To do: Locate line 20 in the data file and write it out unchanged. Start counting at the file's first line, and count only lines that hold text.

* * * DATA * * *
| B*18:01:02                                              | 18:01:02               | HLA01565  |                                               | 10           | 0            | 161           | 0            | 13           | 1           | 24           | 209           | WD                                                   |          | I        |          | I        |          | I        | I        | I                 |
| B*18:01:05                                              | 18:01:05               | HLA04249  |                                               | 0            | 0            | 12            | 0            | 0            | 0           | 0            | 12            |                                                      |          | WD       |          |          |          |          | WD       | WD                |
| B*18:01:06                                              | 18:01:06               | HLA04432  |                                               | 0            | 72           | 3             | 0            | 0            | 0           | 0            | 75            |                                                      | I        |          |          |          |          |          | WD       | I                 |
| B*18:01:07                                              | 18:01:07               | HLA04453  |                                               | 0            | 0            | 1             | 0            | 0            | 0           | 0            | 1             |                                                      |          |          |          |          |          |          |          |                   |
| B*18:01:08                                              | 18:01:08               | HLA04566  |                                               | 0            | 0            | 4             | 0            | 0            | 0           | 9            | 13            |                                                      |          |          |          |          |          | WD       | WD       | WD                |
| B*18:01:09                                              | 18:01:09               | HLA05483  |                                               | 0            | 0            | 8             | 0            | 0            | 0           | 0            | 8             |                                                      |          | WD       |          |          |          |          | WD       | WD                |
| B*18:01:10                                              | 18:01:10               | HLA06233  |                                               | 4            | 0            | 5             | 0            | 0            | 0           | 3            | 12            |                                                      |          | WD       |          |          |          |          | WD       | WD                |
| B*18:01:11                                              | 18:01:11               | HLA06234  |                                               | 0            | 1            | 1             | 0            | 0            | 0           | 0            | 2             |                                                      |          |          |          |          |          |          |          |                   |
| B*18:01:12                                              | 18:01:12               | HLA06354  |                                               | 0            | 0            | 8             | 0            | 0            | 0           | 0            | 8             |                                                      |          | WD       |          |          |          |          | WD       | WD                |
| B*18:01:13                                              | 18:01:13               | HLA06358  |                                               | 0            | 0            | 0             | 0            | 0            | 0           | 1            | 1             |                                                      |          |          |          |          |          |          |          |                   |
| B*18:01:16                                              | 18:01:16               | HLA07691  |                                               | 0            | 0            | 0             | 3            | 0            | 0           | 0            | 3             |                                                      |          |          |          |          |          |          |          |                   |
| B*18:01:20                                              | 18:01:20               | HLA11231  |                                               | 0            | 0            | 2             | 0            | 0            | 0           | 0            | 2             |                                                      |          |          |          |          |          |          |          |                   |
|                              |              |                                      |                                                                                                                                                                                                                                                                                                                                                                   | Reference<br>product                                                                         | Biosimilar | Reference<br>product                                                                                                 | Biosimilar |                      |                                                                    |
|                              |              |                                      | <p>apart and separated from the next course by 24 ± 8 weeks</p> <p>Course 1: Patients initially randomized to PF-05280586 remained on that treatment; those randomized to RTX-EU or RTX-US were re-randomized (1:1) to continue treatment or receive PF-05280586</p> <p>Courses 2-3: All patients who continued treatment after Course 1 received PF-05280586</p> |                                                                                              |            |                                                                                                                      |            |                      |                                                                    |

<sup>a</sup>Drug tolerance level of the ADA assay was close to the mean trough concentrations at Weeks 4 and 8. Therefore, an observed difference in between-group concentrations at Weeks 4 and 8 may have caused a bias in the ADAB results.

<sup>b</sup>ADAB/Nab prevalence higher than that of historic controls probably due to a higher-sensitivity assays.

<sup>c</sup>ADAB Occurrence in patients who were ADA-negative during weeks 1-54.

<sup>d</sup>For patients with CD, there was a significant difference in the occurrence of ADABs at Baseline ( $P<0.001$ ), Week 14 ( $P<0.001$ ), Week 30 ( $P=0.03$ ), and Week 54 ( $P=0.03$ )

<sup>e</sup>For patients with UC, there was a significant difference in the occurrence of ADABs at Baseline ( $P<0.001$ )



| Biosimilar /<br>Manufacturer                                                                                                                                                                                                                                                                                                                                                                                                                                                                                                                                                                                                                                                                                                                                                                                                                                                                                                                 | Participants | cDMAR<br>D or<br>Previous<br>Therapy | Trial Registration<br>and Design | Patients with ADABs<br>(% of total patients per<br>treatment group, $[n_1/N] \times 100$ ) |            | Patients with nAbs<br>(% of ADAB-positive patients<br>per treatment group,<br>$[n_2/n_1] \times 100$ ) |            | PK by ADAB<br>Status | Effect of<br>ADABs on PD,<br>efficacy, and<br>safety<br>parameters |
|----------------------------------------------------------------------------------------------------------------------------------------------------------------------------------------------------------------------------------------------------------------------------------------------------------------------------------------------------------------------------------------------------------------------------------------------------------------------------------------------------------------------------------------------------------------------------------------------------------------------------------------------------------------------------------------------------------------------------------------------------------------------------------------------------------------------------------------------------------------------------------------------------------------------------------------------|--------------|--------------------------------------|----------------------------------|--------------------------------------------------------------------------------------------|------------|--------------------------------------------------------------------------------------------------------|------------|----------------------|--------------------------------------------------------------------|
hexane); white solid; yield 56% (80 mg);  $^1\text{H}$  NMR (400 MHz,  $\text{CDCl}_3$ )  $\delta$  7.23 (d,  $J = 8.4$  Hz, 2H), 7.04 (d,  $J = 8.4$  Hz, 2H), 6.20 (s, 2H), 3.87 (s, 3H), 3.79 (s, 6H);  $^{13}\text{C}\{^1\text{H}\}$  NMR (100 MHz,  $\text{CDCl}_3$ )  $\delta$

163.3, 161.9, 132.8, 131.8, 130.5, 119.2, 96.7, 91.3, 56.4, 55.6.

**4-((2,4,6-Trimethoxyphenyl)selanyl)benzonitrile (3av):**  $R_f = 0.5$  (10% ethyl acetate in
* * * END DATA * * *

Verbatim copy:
| Biosimilar /<br>Manufacturer                                                                                                                                                                                                                                                                                                                                                                                                                                                                                                                                                                                                                                                                                                                                                                                                                                                                                                                 | Participants | cDMAR<br>D or<br>Previous<br>Therapy | Trial Registration<br>and Design | Patients with ADABs<br>(% of total patients per<br>treatment group, $[n_1/N] \times 100$ ) |            | Patients with nAbs<br>(% of ADAB-positive patients<br>per treatment group,<br>$[n_2/n_1] \times 100$ ) |            | PK by ADAB<br>Status | Effect of<br>ADABs on PD,<br>efficacy, and<br>safety<br>parameters |